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Tuesday, February 9, 2021

Fraudsters lie low, ready to pounce again

New research reveals that instances of synthetic fraud and outstanding credit balances on suspected synthetic accounts at U.S. financial institutions have fallen significantly since COVID-19 was declared a pandemic last March. The bad news, however, is that the cost of synthetic fraud could rebound to reach new highs post pandemic.

“These folks are getting more and more sophisticated,” Julie Conroy, research director at Aite Group, said in an interview with The Green Sheet.

Synthetic fraud involves the creation of fictitious identities by piecing together real identity attributes with fake information, and using that combination of information to create new bank and card accounts and lines of credit. Synthetic frauds are difficult to detect. In fact most companies don’t realize the full extent of their exposure, because synthetic attacks are often written off as credit losses, Aite noted in a new report, Synthetic identity fraud: diabolical charge-offs on the rise.

Aite estimates synthetic identity fraud for unsecured credit products reached $1.8 billion in 2020 and will grow to $2.42 billion in 2023. “The U.S. is one of the hotbeds of synthetic identity fraud, given the historical lack of a centralized source of truth for consumers’ identity,” Conroy wrote in the report.

The good and bad of Covid

Lee Cookman, TransUnion's director of product strategy of global fraud and identity solutions, explained during an interview that both incidents of synthetic identity fraud and dollar exposures have been falling since last March, when COVID was declared a pandemic. One reason: financial institutions and nonbank lenders have been relying more on digital tools at the point of origination. “That added more data points that allowed them to better analyze applicants,” Cookman said.

COVID relief measures, like the CARES Act, also contributed by encouraging lender forbearance. “There’s a certain amount of synthetic fraud perpetrated by distressed consumers,” Cookman stated. Some consumers, feeling financially squeezed, see this as a way out. Sometimes they are lured by websites that offer to help them by falsely claiming to provide credit repair services. “It’s billed as the fastest way to repair your credit, but it’s actually a fraud,” he said.

In fact, an analysis by TransUnion found that in the second and third quarters of 2020, the percent of new auto loans and credit card accounts linked to synthetic fraud fell to their lowest levels since the company began tracking this type of fraud in 2016. But while synthetic fraud in auto loans and credit card accounts fell, ecommerce and iGaming sites saw some of the highest synthetic fraud amounts last year, TransUnion said.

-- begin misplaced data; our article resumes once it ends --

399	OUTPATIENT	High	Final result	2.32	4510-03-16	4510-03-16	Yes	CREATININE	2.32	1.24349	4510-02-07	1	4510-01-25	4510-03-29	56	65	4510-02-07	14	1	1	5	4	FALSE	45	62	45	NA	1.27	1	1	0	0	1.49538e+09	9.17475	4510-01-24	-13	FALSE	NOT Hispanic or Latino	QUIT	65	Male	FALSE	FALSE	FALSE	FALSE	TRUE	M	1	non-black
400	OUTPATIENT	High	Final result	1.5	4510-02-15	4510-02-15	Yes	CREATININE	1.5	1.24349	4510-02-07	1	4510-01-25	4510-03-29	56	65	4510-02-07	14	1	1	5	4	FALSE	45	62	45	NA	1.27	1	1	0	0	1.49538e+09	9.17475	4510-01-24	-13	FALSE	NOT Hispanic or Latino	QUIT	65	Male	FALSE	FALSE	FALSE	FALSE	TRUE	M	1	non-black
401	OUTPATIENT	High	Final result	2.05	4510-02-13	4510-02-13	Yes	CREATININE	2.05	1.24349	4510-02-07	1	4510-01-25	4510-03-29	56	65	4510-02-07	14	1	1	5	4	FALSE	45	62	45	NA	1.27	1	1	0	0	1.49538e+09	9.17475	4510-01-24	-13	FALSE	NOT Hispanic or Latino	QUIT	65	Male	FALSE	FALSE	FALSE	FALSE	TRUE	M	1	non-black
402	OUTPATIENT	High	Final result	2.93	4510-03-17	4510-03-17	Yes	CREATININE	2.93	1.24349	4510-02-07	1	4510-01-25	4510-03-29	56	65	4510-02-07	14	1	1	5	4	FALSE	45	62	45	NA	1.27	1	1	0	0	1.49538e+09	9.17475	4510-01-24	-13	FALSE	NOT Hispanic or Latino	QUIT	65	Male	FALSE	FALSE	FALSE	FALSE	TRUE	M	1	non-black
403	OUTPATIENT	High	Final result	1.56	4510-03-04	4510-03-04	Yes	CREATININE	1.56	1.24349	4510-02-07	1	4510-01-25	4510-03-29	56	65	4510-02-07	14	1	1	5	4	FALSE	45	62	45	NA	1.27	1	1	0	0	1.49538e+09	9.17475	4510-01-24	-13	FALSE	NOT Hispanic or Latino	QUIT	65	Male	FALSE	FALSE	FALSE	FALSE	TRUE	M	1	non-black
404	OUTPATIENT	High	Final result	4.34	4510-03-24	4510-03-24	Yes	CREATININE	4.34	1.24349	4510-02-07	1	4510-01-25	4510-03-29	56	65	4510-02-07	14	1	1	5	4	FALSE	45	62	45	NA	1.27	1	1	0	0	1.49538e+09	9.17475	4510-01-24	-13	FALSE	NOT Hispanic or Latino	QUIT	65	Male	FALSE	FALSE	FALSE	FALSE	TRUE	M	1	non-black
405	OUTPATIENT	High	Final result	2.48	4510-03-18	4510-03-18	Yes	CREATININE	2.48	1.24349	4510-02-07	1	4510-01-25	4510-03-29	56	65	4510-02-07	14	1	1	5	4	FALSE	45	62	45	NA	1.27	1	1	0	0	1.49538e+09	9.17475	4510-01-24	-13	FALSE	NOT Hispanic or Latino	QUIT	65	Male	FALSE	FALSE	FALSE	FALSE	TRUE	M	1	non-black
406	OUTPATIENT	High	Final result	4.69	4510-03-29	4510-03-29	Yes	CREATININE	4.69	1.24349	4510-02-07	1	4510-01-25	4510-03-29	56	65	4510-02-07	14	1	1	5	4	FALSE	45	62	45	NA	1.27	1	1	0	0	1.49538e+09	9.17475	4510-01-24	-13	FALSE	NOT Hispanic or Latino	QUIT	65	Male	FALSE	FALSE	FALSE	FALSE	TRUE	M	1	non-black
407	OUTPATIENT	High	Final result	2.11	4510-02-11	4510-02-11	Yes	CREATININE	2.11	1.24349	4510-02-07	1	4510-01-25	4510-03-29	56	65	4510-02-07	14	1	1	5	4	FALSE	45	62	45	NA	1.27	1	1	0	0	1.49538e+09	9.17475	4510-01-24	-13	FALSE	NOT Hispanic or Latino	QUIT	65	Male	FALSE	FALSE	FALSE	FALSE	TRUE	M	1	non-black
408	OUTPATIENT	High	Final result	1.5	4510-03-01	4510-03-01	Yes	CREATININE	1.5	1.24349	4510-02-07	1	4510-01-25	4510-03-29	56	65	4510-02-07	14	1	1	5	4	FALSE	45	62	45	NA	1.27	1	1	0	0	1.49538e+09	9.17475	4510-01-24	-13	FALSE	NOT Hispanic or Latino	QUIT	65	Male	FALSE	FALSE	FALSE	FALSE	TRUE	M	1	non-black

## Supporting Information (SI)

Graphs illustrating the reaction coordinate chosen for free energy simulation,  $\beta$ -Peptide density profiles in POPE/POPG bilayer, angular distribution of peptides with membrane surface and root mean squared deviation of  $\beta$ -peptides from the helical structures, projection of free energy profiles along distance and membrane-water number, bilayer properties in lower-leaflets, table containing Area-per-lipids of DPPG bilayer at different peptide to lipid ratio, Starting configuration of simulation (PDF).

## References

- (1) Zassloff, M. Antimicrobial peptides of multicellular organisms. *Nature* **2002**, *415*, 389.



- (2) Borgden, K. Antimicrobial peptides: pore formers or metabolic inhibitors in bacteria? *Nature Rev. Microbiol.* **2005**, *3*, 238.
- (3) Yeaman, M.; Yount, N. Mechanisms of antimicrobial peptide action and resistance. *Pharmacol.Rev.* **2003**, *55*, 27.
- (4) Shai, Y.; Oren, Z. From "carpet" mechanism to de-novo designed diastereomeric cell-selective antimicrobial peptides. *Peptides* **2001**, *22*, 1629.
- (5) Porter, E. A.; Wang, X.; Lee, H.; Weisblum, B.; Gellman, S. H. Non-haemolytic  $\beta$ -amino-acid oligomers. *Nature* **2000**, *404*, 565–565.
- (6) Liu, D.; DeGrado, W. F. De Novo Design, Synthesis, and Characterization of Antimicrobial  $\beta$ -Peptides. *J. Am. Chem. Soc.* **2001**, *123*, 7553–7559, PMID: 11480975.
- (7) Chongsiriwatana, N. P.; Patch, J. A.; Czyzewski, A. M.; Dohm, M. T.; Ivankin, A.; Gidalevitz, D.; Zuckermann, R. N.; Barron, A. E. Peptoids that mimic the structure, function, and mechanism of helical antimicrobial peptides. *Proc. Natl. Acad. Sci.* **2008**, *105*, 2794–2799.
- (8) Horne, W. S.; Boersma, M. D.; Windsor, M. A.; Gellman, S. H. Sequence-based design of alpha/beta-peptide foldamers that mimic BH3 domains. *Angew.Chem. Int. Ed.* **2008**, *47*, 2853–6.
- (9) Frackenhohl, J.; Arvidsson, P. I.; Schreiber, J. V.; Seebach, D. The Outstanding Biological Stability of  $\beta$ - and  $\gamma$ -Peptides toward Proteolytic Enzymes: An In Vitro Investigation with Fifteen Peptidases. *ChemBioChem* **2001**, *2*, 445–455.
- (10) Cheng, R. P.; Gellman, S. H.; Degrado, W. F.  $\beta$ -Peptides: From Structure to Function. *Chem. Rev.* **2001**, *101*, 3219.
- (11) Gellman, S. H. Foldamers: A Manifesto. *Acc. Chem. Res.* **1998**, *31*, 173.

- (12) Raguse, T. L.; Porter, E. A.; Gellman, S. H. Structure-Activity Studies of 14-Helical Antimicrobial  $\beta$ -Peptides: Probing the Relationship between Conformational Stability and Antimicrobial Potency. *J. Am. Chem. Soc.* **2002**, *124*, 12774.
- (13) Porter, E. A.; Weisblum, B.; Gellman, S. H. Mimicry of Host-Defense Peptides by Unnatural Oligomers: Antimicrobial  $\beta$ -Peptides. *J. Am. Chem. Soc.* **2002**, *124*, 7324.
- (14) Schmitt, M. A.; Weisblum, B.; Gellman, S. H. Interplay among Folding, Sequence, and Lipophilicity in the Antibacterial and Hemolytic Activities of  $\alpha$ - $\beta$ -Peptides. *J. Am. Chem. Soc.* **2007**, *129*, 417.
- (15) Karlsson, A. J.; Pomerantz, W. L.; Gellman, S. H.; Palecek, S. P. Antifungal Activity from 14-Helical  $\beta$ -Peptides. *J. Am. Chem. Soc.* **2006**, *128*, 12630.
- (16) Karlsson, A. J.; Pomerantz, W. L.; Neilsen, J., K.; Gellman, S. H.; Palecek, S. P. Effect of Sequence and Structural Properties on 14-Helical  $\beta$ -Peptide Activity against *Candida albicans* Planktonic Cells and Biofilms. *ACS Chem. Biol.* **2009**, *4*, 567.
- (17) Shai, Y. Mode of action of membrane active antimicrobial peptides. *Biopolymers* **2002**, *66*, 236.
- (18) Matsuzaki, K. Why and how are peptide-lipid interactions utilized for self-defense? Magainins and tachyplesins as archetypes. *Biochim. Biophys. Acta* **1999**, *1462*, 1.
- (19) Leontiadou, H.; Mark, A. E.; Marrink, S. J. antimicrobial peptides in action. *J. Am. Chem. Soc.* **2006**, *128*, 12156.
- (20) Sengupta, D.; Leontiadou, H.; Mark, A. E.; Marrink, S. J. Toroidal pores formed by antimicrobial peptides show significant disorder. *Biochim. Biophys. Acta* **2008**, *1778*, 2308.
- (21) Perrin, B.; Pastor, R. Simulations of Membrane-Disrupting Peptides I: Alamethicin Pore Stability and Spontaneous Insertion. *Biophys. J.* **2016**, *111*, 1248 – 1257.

Looking ahead to what happens once the pandemic subsides and lender forbearance policies fall by the wayside, Cookman said “We could face a rebound of this type of fraud.” A lot of fraudsters have created synthetic identities and are lying in wait, “curating” the identities with bogus email accounts and occasional credit report inquiries, he added.

New tool for IDing synthetic fraud

“Synthetic fraud is an extremely difficult problem to solve,” said Conroy. Evidencing this, a survey of North American fraud executives, conducted last fall by Aite, found 72 percent of firms consider synthetic identities to be far more challenging to identify and address than identity thefts.

Aite also found that a majority of financial services firms have uncovered significant gaps in their application fraud control frameworks, with 78 percent of executives surveyed planning to make substantial changes to those frameworks over the next two years. Addressing needed changes will not be an easy task. “Synthetic fraud is transforming and becoming more difficult to identify on the surface,” Cookman said.

“With almost every consumer’s information for sale on the dark web, today’s fraudsters are extremely adept at creating synthetic identities with fabricated or compromised identity elements,” said Bala Kumar, vice president of product management for global fraud solutions at TransUnion. “Most consumer-facing businesses rely on a variety of identity and digital verification methods to assess initial fraud risk. None of these are adequate to truly identify suspected synthetic identities since they can behave like legitimate accounts.”

To help businesses do a better job of ferreting out synthetic frauds, TransUnion is enhancing its synthetic fraud tools, the company stated on Feb. 9. For example, it has added a non-credit synthetic fraud algorithm to its synthetic fraud services, which historically relied heavily on data regulated under the Fair Credit Reporting Act. The company also is working with the Social Security Administration to become an Electronic Consent Based SSN Verification (eCBSV) service provider.

The TransUnion TruValidate Synthetic Fraud Models detect potential synthetic identities by analyzing consumer behaviors and uncovering anomalies or suspicious risks, providing real-time indicators of threat levels before frauds are actually committed, the company said. Once eCBSV capabilities get integrated, it will further improve detection, TransUnion added. TruValidate unites personal and digital data into “one of the most comprehensive data identity platforms in the world,” the company said. end of article

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